The island is neither a US colony nor an independent state, but it is a problem.
Univision, the most-watched Spanish-language television channel in the United States, ran an ad in 2012 congratulating Puerto Rican viewers on their independence day.
Unfortunately, Puerto Rico does not have an independence day. What Univision should have commemorated, and did, later the same day with a mea culpa tweet, was the island’s Constitution Day.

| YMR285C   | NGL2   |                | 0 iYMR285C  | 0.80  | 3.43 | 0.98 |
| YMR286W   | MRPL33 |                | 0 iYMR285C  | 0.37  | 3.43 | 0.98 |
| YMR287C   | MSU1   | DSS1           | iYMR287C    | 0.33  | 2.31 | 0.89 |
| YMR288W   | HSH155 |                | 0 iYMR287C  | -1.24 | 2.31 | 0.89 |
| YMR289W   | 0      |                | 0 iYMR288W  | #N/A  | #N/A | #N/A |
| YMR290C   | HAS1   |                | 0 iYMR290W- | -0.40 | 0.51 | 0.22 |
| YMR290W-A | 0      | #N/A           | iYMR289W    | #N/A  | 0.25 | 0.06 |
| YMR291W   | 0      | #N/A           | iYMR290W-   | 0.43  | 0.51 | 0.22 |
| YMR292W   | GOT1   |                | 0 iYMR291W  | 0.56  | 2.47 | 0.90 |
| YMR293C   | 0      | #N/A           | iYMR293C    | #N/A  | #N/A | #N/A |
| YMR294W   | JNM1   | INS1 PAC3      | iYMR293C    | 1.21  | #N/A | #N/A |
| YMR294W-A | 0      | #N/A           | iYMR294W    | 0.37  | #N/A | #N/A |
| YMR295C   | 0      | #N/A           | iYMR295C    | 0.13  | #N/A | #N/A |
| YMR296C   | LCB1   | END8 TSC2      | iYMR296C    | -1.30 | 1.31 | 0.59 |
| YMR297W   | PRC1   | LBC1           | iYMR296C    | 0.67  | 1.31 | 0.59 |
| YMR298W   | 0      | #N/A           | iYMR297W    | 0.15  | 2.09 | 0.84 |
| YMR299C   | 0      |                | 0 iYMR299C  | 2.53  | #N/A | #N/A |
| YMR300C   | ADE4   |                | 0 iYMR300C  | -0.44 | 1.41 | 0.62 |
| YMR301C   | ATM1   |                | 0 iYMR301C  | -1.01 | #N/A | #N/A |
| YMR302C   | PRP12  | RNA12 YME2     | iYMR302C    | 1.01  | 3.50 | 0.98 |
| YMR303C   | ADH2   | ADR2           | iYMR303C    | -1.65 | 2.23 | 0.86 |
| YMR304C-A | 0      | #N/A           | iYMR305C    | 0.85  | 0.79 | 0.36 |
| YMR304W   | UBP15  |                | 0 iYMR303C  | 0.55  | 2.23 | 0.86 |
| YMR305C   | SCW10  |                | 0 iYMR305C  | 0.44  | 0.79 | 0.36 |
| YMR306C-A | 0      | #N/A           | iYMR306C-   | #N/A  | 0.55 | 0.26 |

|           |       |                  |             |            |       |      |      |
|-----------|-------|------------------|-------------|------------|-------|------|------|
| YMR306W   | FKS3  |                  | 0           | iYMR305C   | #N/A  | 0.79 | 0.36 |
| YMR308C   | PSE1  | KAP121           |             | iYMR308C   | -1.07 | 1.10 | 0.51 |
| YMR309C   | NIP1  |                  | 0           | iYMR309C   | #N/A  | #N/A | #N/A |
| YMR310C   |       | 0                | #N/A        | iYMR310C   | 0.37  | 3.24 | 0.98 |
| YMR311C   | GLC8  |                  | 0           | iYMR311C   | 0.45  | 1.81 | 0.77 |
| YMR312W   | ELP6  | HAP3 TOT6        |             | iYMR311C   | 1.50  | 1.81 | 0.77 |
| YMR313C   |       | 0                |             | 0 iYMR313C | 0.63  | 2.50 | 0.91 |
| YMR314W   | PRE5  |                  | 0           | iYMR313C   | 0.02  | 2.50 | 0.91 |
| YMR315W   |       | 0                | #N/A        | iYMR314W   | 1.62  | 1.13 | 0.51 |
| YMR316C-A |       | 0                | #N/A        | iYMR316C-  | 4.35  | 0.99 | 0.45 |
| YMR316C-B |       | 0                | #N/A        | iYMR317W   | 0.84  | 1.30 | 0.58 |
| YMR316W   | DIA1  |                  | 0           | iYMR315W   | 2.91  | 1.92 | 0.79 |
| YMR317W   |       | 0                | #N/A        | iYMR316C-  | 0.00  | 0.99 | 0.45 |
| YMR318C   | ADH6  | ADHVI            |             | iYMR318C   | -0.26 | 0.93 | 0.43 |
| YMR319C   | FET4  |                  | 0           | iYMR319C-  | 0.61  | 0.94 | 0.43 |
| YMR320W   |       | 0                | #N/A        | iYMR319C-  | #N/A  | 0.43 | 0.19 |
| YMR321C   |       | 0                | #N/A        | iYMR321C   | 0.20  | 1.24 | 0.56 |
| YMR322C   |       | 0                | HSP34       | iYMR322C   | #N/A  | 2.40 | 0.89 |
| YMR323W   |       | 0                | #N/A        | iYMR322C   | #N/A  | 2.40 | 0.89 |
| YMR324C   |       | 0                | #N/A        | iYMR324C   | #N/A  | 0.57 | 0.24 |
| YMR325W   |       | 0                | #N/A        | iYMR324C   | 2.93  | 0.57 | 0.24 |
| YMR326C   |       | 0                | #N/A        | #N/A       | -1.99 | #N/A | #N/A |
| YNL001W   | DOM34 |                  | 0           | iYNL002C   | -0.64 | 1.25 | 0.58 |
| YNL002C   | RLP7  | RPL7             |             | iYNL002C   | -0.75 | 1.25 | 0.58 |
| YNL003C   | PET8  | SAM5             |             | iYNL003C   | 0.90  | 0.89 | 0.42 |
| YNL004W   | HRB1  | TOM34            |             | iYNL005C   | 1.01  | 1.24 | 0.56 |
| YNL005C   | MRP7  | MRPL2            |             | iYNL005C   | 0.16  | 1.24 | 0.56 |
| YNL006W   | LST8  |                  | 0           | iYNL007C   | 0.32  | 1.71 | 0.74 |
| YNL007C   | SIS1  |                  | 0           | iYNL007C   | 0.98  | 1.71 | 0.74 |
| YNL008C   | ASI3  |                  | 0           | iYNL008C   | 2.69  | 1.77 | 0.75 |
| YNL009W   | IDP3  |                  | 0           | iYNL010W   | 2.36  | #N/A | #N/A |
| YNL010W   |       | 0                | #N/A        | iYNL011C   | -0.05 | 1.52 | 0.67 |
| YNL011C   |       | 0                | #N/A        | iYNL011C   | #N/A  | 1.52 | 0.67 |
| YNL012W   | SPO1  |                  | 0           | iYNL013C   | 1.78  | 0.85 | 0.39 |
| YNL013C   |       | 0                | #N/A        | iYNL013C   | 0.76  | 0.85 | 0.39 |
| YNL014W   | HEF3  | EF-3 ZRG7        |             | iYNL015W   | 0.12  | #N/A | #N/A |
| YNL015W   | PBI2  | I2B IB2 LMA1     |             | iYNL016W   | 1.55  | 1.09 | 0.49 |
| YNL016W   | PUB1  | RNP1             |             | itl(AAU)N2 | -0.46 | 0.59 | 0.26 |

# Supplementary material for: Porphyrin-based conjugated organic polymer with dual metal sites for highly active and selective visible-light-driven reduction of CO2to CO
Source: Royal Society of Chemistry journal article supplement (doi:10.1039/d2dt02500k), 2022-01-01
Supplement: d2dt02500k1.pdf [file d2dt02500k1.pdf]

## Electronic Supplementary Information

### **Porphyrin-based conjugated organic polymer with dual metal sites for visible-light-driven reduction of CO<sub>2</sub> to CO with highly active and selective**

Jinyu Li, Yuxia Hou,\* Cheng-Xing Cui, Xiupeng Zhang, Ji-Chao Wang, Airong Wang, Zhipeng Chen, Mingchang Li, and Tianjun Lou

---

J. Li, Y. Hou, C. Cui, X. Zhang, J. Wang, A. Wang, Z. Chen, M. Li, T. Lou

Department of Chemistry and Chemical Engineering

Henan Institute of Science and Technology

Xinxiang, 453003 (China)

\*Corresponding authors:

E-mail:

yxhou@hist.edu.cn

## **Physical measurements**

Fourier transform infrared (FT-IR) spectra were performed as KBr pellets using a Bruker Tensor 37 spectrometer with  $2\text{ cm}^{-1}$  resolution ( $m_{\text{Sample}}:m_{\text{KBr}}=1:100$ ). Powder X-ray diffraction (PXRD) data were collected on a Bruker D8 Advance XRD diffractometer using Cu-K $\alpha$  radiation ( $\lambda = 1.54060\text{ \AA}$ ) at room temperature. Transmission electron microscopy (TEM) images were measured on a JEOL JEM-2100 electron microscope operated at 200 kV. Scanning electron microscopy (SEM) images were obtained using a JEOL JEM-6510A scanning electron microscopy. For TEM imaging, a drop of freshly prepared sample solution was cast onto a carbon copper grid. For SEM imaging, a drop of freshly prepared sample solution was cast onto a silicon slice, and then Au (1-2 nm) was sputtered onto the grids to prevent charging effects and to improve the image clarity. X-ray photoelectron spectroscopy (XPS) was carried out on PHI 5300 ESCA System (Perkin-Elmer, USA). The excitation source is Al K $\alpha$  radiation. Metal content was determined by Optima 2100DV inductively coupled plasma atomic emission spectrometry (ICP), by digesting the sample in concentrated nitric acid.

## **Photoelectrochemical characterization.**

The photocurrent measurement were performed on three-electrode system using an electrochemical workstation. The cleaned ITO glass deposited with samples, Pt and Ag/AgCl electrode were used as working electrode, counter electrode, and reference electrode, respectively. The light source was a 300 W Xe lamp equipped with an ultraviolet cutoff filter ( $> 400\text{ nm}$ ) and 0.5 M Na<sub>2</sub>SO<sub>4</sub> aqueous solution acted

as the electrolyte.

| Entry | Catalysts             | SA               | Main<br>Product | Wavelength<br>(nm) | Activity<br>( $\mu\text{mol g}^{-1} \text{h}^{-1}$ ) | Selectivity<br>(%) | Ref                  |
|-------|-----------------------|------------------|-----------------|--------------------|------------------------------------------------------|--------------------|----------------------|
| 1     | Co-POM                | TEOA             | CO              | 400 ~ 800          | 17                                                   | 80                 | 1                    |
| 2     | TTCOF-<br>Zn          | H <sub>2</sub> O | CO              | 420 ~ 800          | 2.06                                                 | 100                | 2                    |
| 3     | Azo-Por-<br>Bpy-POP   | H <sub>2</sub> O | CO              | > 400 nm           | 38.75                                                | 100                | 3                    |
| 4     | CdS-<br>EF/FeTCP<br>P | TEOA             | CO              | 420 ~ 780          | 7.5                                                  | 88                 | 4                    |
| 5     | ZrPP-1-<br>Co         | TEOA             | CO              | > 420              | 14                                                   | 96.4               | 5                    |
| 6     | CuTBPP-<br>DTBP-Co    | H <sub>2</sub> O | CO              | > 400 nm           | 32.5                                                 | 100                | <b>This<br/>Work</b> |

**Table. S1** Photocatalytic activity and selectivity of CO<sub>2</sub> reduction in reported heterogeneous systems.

Puerto Rico is not, and has never been, independent. It does have a Constitution – since 1952 – subordinated to that of the US. The Commonwealth of Puerto Rico is a throwback to a bygone era, an unincorporated U.S. territory making it neither fully independent nor fully on a par with the 50 American states. Its 3.7 million inhabitants are US citizens, but are not represented in the US Congress. They have an elected, though non-voting, member of the House of Representatives, known as the Resident Commissioner of Puerto Rico.